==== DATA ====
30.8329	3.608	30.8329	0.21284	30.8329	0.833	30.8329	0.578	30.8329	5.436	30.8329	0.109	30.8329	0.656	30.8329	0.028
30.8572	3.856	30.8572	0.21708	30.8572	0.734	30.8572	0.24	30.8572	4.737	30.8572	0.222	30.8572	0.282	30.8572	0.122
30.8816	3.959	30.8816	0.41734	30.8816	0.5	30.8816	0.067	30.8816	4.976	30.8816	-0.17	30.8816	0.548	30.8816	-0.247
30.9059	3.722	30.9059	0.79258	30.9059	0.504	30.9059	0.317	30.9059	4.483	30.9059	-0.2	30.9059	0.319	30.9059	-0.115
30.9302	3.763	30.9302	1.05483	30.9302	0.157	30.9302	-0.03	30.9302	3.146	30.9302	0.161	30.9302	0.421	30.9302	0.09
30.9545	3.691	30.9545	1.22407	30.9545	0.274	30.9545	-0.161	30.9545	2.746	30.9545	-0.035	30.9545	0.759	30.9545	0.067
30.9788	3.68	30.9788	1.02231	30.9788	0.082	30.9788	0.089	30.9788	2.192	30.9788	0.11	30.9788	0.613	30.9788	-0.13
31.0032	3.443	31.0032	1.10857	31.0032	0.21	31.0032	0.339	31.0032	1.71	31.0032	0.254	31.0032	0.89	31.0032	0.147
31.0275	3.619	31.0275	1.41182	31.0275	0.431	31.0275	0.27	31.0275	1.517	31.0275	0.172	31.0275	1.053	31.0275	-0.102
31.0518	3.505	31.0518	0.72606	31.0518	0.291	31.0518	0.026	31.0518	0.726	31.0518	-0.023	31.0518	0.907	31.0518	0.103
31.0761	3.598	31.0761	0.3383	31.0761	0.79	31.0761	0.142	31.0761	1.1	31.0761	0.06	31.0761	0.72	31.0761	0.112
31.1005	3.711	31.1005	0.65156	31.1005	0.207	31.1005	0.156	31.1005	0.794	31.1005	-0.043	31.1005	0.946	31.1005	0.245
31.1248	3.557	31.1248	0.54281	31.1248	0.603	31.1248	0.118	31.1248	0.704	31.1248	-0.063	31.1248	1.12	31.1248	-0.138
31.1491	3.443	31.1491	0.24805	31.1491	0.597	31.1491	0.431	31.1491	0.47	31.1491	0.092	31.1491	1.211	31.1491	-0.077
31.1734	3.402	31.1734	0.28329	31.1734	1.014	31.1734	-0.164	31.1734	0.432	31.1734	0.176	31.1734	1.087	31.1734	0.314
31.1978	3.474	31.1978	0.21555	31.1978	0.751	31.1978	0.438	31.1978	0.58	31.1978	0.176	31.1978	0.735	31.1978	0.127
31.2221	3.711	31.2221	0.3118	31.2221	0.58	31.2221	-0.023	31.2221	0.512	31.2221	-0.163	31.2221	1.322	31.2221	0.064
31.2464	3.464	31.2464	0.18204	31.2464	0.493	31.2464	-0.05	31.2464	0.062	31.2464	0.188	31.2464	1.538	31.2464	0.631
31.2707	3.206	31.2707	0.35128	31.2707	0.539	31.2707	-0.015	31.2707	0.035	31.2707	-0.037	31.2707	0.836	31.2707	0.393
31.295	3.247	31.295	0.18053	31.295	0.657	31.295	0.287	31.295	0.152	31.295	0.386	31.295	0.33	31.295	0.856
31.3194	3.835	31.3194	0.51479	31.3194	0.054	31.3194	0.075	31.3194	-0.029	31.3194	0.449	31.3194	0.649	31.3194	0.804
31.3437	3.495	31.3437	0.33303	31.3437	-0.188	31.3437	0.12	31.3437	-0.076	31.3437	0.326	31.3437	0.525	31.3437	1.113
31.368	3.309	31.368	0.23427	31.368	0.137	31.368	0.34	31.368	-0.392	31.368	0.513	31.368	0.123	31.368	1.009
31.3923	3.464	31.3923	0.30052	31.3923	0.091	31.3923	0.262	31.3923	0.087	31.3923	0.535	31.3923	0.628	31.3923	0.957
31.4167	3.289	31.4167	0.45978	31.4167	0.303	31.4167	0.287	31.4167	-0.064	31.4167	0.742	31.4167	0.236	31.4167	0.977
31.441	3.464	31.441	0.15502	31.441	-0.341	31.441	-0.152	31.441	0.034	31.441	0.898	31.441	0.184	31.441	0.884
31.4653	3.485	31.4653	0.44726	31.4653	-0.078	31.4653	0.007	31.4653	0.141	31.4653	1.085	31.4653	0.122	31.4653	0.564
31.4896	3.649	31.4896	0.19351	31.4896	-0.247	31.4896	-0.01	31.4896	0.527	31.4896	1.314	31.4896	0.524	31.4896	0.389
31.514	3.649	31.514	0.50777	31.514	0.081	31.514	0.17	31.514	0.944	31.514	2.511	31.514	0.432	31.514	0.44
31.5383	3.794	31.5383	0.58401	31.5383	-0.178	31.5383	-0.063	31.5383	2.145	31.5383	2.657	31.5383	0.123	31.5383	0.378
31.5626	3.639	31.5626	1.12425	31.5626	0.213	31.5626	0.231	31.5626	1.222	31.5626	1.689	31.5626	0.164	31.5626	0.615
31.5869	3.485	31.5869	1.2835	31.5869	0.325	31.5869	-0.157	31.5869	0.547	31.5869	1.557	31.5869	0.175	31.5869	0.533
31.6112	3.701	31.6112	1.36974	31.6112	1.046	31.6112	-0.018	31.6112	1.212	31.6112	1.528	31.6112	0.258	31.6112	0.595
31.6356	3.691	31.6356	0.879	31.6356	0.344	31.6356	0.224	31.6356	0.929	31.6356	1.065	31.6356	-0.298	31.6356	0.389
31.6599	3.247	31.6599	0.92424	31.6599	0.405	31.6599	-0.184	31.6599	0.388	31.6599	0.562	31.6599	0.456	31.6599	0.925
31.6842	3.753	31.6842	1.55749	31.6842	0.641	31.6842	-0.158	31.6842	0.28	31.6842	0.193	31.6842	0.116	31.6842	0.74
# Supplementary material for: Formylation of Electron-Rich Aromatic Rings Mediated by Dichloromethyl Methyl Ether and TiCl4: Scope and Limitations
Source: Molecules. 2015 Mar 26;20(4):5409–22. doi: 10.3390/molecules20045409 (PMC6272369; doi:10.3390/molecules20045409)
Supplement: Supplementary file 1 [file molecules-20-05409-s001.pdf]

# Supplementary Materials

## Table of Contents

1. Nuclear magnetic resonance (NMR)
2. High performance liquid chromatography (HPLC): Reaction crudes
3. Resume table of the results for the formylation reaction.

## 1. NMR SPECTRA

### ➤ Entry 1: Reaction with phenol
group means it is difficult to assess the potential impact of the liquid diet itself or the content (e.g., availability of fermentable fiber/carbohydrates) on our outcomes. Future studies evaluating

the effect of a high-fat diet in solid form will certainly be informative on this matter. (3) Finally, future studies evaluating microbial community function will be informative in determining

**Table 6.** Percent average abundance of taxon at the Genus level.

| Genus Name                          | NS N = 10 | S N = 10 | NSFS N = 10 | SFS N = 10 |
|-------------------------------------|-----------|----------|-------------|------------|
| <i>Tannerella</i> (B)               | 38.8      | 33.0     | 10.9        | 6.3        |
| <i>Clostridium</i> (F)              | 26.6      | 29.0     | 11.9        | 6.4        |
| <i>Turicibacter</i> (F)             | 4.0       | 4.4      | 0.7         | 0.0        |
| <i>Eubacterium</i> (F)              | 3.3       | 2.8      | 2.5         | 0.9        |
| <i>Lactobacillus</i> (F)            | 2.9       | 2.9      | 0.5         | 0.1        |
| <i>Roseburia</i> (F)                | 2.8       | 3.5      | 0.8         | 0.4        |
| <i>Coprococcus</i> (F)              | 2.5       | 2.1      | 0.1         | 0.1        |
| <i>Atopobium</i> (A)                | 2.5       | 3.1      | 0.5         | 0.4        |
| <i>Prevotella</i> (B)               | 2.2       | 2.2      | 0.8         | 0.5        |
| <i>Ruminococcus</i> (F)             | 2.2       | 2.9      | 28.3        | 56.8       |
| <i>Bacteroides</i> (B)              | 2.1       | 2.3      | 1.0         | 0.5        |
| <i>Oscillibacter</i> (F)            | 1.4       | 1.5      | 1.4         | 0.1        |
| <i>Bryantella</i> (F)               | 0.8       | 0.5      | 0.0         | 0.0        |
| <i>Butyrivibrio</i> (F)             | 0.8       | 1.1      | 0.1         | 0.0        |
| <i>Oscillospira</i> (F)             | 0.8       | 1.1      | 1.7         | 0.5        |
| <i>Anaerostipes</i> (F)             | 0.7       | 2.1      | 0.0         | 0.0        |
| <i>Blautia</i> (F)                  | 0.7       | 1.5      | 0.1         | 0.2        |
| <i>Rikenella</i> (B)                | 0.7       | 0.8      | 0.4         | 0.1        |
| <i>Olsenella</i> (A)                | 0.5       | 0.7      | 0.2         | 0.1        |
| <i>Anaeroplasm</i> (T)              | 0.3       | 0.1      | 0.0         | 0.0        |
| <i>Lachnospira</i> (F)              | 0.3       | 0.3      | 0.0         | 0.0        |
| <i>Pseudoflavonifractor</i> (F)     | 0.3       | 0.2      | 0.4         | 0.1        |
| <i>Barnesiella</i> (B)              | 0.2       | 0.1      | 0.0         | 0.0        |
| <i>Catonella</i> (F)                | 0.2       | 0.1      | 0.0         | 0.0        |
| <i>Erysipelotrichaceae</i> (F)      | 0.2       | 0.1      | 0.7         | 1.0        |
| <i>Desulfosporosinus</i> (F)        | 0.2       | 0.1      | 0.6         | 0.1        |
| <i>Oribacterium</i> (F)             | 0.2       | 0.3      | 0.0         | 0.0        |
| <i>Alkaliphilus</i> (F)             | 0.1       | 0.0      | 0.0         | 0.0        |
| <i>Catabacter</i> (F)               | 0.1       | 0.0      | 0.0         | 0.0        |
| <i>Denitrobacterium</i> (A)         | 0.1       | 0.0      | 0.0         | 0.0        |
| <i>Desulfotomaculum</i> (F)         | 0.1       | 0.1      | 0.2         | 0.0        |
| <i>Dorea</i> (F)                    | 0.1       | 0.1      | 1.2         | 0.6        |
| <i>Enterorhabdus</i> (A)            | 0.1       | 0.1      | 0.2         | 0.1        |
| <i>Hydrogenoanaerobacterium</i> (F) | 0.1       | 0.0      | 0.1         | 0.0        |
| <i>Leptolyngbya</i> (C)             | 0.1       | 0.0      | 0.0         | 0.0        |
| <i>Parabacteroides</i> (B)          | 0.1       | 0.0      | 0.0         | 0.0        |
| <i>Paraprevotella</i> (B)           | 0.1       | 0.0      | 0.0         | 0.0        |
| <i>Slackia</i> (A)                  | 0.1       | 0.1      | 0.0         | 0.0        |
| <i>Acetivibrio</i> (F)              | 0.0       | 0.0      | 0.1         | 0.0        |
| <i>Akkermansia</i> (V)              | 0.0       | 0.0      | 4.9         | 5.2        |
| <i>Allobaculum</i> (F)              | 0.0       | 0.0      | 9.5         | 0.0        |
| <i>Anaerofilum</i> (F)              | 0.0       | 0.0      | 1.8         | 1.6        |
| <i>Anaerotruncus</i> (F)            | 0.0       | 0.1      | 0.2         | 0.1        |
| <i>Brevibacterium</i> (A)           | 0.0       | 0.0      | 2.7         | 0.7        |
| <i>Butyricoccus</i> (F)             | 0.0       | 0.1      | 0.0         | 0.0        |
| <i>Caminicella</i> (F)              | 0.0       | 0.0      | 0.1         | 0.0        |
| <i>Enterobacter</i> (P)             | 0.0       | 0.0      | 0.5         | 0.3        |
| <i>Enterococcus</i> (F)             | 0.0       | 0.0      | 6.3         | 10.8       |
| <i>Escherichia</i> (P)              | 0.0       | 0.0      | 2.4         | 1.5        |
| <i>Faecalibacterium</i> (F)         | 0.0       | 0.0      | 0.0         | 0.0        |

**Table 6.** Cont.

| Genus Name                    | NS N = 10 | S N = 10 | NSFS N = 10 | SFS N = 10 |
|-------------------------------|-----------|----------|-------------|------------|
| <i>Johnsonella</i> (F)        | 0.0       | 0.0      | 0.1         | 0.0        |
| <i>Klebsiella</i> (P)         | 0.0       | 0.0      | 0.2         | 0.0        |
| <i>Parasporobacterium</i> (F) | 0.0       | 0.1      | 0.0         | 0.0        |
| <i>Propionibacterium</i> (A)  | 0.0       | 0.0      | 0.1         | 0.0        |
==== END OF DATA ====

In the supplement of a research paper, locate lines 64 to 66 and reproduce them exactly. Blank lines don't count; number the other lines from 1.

| <i>Bryantella</i> (F)               | 0.8       | 0.5      | 0.0         | 0.0        |
| <i>Butyrivibrio</i> (F)             | 0.8       | 1.1      | 0.1         | 0.0        |
| <i>Oscillospira</i> (F)             | 0.8       | 1.1      | 1.7         | 0.5        |